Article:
Left: Bernard Nunes, Joe Bent, and Dan Pimental are hauling in a net within a trap in this 1970s photo by Bill Berardi. Right: Tuna were among the catch on the day Berardi went out to the trap. Kathleen (Joseph) Meads lent both photos to the Municipal Collection on the Provincetown History Preservation Project website, Page 5982.
The proliferation of weirs and freezers was not coincidental. They both responded to a booming demand for bait, chiefly herring and mackerel, by the line-fishing vessels of the era. Then, as line fishing gave way to trawling and dragging in the early 20th century, the trappers and freezers turned to food fish like whiting and tuna. In this equation, each side needed the other, but the freezer operators ultimately held the upper hand because they set the prices. Francis James Rowe (±1898-1958) was the general manager of Provincetown operations for the Atlantic Coast Fisheries Company. Fishermen who made the mistake of taking a catch directly to Boston or Gloucester might then find themselves frozen out at the West End freezer. Capt. Bernard “Sonny” Roderick Sr., skipper of Shirley & Roland, recalled: “Frank Rowe was all business, and he’d throw away business rather than give in to any boat captain’s demands.”⁵ The feeling was mutual. Sometimes, skippers were offered so little at the pier that they would simply give away their catch rather than sell it for pennies. Poor families and starving artists depended on this largesse — even though it was sometimes born more of disgust than charity.
Trap boats were low-slung but capacious affairs, specially designed to allow them entry into the bowl of the weir and to hold hundreds of pounds of catch. In this gorgeous photo by Bill Berardi, lent by Kathleen (Joseph) Meads, a trap boat heads out to a weir, dory in tow. In the Municipal Collection on the Provincetown History Preservation Project website, Page 5982.
The trap boat Charlotte was built in 1918. She was abandoned in 1968, but salvaged in 1977 by the now-defunct Provincetown Heritage Museum. In this photo by Peter Carter, Cyril Patrick Jr. and Joseph “Ducky” Perry are seen with the boat just before repairs began. (Dick Alberts is just outside this crop.) In the Charlotte Collection on the Provincetown History Preservation Project website, Page 643.
Immaculately restored, Charlotte was taken to the Provincetown Heritage Museum, in what is now the Provincetown Public Library. She’s seen in this photo by Josephine Del Deo passing by the L & A Supermarket (now Far Land) at 150 Bradford Street. In the Charlotte Collection on the Provincetown History Preservation Project, Page 697.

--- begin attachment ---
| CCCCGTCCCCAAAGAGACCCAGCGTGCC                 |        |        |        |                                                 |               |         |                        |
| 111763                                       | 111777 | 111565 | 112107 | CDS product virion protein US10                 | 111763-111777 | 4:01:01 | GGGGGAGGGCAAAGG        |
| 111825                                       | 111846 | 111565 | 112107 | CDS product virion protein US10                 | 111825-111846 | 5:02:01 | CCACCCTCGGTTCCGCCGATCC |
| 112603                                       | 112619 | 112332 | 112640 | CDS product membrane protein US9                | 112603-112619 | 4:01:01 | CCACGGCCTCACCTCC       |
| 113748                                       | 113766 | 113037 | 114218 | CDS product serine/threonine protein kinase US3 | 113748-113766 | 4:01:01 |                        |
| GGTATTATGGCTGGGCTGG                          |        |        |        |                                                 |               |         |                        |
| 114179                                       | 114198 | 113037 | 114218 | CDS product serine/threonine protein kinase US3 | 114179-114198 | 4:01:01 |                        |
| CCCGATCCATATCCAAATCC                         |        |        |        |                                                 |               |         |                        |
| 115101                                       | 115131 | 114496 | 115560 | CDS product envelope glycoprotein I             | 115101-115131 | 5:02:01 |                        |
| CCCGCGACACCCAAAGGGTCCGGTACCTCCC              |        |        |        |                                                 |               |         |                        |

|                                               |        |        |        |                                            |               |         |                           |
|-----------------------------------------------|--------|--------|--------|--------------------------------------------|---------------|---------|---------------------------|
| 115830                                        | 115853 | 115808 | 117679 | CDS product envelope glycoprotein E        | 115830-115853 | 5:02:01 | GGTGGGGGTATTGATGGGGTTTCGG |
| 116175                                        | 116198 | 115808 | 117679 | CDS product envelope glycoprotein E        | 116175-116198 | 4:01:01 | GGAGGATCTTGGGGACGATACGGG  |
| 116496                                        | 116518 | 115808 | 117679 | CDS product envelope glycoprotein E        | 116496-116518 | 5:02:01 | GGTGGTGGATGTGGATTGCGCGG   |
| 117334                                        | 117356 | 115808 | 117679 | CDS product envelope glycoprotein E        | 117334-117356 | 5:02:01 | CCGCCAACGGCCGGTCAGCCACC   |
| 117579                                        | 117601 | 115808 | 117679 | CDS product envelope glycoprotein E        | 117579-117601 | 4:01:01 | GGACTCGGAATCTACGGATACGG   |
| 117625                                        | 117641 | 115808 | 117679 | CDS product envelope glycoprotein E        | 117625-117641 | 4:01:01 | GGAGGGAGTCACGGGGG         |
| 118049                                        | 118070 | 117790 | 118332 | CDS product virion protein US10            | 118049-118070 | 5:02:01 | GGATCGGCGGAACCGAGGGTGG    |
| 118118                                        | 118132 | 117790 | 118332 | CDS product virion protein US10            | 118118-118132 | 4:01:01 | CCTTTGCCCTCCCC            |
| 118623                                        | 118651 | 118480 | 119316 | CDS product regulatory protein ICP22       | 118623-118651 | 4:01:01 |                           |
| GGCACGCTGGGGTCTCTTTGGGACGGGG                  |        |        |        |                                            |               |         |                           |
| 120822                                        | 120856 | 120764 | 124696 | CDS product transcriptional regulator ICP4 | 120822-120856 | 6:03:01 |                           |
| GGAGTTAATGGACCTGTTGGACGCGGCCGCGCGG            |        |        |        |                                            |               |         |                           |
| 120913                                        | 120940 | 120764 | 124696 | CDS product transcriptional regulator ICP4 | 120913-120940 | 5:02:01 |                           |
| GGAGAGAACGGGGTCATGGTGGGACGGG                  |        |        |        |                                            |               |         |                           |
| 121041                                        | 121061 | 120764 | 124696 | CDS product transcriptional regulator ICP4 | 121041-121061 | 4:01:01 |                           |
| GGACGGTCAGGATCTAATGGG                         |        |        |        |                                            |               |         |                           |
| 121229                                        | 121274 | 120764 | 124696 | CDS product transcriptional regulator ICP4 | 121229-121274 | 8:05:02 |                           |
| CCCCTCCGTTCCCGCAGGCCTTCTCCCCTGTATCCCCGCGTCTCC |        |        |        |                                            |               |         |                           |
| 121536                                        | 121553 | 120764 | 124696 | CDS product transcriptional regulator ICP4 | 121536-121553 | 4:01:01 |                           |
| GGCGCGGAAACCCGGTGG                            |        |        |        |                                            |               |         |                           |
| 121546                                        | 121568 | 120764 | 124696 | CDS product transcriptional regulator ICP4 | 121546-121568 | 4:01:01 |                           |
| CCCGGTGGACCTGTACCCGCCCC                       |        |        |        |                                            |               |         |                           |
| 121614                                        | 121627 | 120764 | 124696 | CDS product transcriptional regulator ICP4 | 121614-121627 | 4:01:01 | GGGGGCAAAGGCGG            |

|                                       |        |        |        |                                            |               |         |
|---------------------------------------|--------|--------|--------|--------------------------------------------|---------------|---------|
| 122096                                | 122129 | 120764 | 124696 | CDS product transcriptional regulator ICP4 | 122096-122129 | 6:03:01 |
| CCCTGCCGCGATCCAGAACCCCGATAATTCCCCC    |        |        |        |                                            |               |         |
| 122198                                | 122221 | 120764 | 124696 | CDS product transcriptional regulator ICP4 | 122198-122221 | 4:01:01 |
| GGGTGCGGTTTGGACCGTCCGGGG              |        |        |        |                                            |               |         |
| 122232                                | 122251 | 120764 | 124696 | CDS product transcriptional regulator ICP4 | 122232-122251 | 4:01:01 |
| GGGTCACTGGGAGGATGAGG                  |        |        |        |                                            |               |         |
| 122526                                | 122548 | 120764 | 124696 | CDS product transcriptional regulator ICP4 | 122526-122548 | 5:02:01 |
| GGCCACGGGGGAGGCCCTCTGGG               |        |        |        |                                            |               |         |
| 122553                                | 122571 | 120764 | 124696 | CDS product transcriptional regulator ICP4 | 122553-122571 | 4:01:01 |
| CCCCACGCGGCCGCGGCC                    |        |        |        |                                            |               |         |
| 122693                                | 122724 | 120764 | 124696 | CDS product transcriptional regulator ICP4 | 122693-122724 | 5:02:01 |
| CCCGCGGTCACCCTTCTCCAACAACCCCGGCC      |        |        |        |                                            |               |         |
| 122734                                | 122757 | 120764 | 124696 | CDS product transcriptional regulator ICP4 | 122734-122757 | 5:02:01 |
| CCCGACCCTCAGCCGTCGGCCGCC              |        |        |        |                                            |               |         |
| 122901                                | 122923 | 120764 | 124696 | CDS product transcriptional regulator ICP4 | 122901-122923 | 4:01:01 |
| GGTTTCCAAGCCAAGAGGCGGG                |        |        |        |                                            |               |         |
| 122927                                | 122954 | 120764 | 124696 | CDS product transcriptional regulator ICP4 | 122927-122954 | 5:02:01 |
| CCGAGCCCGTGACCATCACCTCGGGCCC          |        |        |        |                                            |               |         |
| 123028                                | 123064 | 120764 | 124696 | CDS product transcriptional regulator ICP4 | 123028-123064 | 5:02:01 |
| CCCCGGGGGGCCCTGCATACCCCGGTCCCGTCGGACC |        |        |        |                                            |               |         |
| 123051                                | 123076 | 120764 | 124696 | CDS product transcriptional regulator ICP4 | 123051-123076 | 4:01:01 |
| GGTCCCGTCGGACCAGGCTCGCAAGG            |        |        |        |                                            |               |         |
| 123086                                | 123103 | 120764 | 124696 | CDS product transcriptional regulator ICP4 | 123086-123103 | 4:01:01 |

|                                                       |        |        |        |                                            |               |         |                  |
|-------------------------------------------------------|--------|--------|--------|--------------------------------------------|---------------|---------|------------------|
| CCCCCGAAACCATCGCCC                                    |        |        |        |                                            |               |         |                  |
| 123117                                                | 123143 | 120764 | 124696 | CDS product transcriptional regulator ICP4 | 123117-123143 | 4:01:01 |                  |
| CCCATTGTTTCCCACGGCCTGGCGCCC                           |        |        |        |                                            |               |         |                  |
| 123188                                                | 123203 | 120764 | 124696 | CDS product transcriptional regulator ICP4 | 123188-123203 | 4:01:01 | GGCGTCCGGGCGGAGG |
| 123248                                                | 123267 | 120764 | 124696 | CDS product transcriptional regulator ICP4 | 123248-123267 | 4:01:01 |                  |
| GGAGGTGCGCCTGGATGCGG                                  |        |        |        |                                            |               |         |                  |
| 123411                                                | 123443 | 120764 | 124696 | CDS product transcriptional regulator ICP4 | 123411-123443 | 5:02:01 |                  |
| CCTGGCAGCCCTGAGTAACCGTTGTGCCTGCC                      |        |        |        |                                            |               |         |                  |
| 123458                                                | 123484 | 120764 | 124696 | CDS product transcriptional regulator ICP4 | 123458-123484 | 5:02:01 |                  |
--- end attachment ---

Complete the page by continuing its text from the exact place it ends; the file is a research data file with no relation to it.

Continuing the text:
Over the years after the Provincetown Heritage Museum closed, Charlotte was allowed to go to ruin again — this time, beyond salvation. Only the transom survives intact, at the Pilgrim Monument and Provincetown Museum. The photo, by David W. Dunlap, was taken in 2013.
The trap shed on Freeman’s Wharf was such a prosaic element in the drama that its role over the years was not recorded with any great fidelity, other than that it served as a store house for trap-related gear. Historical preservationists, including Josephine (Couch) Del Deo (1925-2016), believed it was important enough to warrant conserving when the United States Court Guard took over the West End freezer complex from a group of investors led by Bernard Benkovitz of Pittsburgh. “It is a significant reminder of a structure used extensively in American fishing commerce,” Del Deo wrote in 1974.
“Furthermore, it is the last building of its kind in the town and should be conserved. Subsequent to the preservation of the building, there may be substantial educational benefits to the town and to the public at large, especially if the building is utilized for a ‘Fishing Industry Museum.'”⁶
Del Deo and members of the Historic District Study Committee — including John Bell, Mary-Jo Avellar, Paul Mendes, George Bryant, Phyllis Temple, and Edward Allodi — believed they had a deal with Benkovitz to salvage the structure before Freeman’s Wharf was entirely demolished in early 1975. The United States Coast Guard believed the same thing. On 14 March, Rear Adm. J. P. Stewart, the commander of the First Coast Guard District, told Del Deo in a letter (copied to Benkovitz and The Advocate) that the trap shed “might best be relocated to a low-maintenance site and developed as a museum, or for whatever other purpose thought most appropriate.”⁷
This pier shed was identified in the Massachusetts Historical Commission survey as the trap shed on the Cape Cod Cold Storage Company wharf, better known as Freeman’s Wharf. The photo was taken around the time the freezer opened.
A 1970s photo shows how much the building had been enlarged over the years. It is in the Charlotte Collection on the Provincetown History Preservation Project website, Page 367.
Not long before the trap shed was demolished, Josephine Del Deo took these pictures of its interior. I’ve taken the liberty of giving them a silvertone cast, since they remind me of the work of Paul Strand. They’re in the Charlotte Collection on the Provincetown History Preservation Project website, Page 293.